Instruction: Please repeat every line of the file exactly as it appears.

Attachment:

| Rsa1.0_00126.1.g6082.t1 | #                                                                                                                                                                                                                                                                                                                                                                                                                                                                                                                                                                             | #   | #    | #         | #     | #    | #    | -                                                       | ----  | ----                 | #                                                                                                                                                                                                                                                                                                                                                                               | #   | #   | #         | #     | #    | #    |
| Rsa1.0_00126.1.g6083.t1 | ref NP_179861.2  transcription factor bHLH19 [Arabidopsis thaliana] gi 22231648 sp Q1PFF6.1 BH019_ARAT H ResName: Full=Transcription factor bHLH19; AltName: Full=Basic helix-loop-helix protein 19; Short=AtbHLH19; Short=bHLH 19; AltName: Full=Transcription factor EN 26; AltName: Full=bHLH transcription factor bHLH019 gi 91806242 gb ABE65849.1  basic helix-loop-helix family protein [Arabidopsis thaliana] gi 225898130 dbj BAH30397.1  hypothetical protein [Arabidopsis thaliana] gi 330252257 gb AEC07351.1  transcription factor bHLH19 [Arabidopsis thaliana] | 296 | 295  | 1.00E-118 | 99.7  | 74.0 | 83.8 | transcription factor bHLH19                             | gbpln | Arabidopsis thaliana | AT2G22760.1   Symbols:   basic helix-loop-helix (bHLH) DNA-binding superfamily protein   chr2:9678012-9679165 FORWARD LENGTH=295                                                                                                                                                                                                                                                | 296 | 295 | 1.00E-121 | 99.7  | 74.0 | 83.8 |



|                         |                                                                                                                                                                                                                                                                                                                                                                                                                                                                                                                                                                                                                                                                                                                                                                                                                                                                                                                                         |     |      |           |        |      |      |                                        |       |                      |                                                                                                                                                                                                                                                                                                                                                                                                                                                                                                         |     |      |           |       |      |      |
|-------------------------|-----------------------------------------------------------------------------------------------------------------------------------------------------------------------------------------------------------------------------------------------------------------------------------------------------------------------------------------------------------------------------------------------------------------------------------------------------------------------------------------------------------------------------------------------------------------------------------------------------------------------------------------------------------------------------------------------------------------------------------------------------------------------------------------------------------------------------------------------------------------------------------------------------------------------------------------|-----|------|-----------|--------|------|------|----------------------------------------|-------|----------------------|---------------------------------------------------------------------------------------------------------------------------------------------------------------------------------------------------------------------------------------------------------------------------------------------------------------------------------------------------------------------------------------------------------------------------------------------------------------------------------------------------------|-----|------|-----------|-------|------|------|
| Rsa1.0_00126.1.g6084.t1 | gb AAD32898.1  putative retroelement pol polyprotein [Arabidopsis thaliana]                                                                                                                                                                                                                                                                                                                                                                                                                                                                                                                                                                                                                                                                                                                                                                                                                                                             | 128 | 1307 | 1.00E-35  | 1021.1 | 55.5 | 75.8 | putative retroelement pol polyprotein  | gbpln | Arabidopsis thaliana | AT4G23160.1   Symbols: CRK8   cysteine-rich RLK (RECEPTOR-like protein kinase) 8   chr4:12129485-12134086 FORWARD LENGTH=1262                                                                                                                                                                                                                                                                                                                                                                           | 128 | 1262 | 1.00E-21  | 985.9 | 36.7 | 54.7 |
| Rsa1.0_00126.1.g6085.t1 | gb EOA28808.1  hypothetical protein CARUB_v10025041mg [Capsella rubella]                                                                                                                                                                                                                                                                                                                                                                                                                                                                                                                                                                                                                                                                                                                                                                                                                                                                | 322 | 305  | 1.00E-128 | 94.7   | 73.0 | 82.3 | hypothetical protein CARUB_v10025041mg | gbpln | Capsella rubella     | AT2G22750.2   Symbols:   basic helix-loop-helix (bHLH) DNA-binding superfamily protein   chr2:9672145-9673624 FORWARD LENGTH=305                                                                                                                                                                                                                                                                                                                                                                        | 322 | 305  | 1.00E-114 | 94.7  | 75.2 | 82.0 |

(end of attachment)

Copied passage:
| Rsa1.0_00126.1.g6082.t1 | #                                                                                                                                                                                                                                                                                                                                                                                                                                                                                                                                                                             | #   | #    | #         | #     | #    | #    | -                                                       | ----  | ----                 | #                                                                                                                                                                                                                                                                                                                                                                               | #   | #   | #         | #     | #    | #    |
| Rsa1.0_00126.1.g6083.t1 | ref NP_179861.2  transcription factor bHLH19 [Arabidopsis thaliana] gi 22231648 sp Q1PFF6.1 BH019_ARAT H ResName: Full=Transcription factor bHLH19; AltName: Full=Basic helix-loop-helix protein 19; Short=AtbHLH19; Short=bHLH 19; AltName: Full=Transcription factor EN 26; AltName: Full=bHLH transcription factor bHLH019 gi 91806242 gb ABE65849.1  basic helix-loop-helix family protein [Arabidopsis thaliana] gi 225898130 dbj BAH30397.1  hypothetical protein [Arabidopsis thaliana] gi 330252257 gb AEC07351.1  transcription factor bHLH19 [Arabidopsis thaliana] | 296 | 295  | 1.00E-118 | 99.7  | 74.0 | 83.8 | transcription factor bHLH19                             | gbpln | Arabidopsis thaliana | AT2G22760.1   Symbols:   basic helix-loop-helix (bHLH) DNA-binding superfamily protein   chr2:9678012-9679165 FORWARD LENGTH=295                                                                                                                                                                                                                                                | 296 | 295 | 1.00E-121 | 99.7  | 74.0 | 83.8 |



|                         |                                                                                                                                                                                                                                                                                                                                                                                                                                                                                                                                                                                                                                                                                                                                                                                                                                                                                                                                         |     |      |           |        |      |      |                                        |       |                      |                                                                                                                                                                                                                                                                                                                                                                                                                                                                                                         |     |      |           |       |      |      |
|-------------------------|-----------------------------------------------------------------------------------------------------------------------------------------------------------------------------------------------------------------------------------------------------------------------------------------------------------------------------------------------------------------------------------------------------------------------------------------------------------------------------------------------------------------------------------------------------------------------------------------------------------------------------------------------------------------------------------------------------------------------------------------------------------------------------------------------------------------------------------------------------------------------------------------------------------------------------------------|-----|------|-----------|--------|------|------|----------------------------------------|-------|----------------------|---------------------------------------------------------------------------------------------------------------------------------------------------------------------------------------------------------------------------------------------------------------------------------------------------------------------------------------------------------------------------------------------------------------------------------------------------------------------------------------------------------|-----|------|-----------|-------|------|------|
| Rsa1.0_00126.1.g6084.t1 | gb AAD32898.1  putative retroelement pol polyprotein [Arabidopsis thaliana]                                                                                                                                                                                                                                                                                                                                                                                                                                                                                                                                                                                                                                                                                                                                                                                                                                                             | 128 | 1307 | 1.00E-35  | 1021.1 | 55.5 | 75.8 | putative retroelement pol polyprotein  | gbpln | Arabidopsis thaliana | AT4G23160.1   Symbols: CRK8   cysteine-rich RLK (RECEPTOR-like protein kinase) 8   chr4:12129485-12134086 FORWARD LENGTH=1262                                                                                                                                                                                                                                                                                                                                                                           | 128 | 1262 | 1.00E-21  | 985.9 | 36.7 | 54.7 |
| Rsa1.0_00126.1.g6085.t1 | gb EOA28808.1  hypothetical protein CARUB_v10025041mg [Capsella rubella]                                                                                                                                                                                                                                                                                                                                                                                                                                                                                                                                                                                                                                                                                                                                                                                                                                                                | 322 | 305  | 1.00E-128 | 94.7   | 73.0 | 82.3 | hypothetical protein CARUB_v10025041mg | gbpln | Capsella rubella     | AT2G22750.2   Symbols:   basic helix-loop-helix (bHLH) DNA-binding superfamily protein   chr2:9672145-9673624 FORWARD LENGTH=305                                                                                                                                                                                                                                                                                                                                                                        | 322 | 305  | 1.00E-114 | 94.7  | 75.2 | 82.0 |